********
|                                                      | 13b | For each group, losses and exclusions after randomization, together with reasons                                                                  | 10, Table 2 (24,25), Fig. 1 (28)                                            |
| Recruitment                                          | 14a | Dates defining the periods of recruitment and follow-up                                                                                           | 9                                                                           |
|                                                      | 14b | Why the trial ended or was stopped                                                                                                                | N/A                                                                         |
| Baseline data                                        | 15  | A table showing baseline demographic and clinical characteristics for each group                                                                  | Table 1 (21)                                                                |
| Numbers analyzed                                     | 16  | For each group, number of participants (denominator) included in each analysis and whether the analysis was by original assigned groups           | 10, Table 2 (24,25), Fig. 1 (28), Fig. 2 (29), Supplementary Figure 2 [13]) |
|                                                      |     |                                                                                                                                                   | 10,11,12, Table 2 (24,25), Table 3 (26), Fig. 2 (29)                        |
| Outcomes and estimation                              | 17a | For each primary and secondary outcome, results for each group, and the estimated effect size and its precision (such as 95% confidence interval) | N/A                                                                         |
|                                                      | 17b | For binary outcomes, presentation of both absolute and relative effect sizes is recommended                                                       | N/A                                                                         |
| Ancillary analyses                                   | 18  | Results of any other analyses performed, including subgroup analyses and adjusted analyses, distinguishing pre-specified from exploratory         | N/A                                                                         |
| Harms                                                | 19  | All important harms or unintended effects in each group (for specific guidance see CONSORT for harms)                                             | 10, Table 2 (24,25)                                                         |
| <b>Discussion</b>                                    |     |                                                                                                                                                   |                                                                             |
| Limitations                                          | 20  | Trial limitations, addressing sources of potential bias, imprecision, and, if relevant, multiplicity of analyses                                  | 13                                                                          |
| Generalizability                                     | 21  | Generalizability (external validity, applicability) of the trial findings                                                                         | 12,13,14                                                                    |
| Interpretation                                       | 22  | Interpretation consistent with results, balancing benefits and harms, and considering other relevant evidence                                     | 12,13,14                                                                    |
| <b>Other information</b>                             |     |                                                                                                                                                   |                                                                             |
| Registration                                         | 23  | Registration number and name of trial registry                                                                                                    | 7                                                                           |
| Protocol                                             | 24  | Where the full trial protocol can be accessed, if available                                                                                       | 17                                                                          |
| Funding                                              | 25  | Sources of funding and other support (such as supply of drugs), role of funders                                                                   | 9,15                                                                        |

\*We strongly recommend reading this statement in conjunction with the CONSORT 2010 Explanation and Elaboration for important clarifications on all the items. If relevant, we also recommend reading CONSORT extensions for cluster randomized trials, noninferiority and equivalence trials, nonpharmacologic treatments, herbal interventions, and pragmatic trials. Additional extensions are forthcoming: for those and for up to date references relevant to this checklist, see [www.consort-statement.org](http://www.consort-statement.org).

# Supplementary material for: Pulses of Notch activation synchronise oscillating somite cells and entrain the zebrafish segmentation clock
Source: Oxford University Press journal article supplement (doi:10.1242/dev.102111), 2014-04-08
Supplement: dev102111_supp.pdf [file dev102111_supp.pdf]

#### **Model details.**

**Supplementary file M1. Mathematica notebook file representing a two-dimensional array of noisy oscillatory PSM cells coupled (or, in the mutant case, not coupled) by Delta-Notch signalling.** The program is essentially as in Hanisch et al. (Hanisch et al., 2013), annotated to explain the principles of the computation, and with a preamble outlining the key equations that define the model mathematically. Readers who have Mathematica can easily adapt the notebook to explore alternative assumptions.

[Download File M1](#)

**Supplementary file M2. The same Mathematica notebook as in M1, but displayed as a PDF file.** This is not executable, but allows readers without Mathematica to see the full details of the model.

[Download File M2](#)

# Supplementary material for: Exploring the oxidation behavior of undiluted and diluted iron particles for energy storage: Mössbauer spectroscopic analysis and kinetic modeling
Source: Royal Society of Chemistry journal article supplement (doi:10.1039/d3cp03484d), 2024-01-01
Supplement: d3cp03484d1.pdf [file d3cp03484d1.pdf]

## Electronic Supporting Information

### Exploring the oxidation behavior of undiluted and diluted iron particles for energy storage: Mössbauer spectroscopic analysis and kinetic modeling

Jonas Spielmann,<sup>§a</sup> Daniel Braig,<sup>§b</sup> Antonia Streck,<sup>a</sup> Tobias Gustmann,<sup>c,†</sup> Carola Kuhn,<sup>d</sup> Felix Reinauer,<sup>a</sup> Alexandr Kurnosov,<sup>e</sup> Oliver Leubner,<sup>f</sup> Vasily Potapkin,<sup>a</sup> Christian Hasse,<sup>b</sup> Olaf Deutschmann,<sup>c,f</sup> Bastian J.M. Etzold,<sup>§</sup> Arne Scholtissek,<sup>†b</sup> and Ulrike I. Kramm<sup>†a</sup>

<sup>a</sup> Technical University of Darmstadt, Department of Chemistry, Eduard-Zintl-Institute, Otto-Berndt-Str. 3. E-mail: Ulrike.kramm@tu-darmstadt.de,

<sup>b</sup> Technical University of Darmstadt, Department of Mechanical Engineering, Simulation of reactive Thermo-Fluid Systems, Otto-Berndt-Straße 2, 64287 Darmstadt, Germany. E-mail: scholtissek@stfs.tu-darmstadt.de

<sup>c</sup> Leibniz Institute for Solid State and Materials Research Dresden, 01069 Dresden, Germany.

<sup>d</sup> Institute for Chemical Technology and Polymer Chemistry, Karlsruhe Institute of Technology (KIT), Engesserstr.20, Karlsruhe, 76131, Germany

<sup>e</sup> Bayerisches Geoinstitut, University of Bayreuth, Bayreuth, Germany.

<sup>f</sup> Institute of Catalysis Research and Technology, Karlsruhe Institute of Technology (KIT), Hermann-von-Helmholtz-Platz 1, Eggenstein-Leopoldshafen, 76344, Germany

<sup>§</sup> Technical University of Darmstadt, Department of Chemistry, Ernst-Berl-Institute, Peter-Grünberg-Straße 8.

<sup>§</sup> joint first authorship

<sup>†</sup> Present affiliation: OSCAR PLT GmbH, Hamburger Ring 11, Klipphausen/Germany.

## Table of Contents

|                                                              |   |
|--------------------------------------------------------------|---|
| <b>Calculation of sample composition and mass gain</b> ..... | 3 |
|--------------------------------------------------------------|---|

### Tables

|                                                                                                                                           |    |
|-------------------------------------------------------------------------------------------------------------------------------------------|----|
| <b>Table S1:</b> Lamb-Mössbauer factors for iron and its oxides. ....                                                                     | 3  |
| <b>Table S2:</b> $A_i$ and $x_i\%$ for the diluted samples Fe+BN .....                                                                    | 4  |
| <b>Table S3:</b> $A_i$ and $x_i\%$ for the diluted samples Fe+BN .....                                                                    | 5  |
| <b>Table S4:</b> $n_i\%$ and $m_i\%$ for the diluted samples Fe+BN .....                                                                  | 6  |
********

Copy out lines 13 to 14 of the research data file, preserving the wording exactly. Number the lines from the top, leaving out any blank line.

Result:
| Generalizability                                     | 21  | Generalizability (external validity, applicability) of the trial findings                                                                         | 12,13,14                                                                    |
| Interpretation                                       | 22  | Interpretation consistent with results, balancing benefits and harms, and considering other relevant evidence                                     | 12,13,14                                                                    |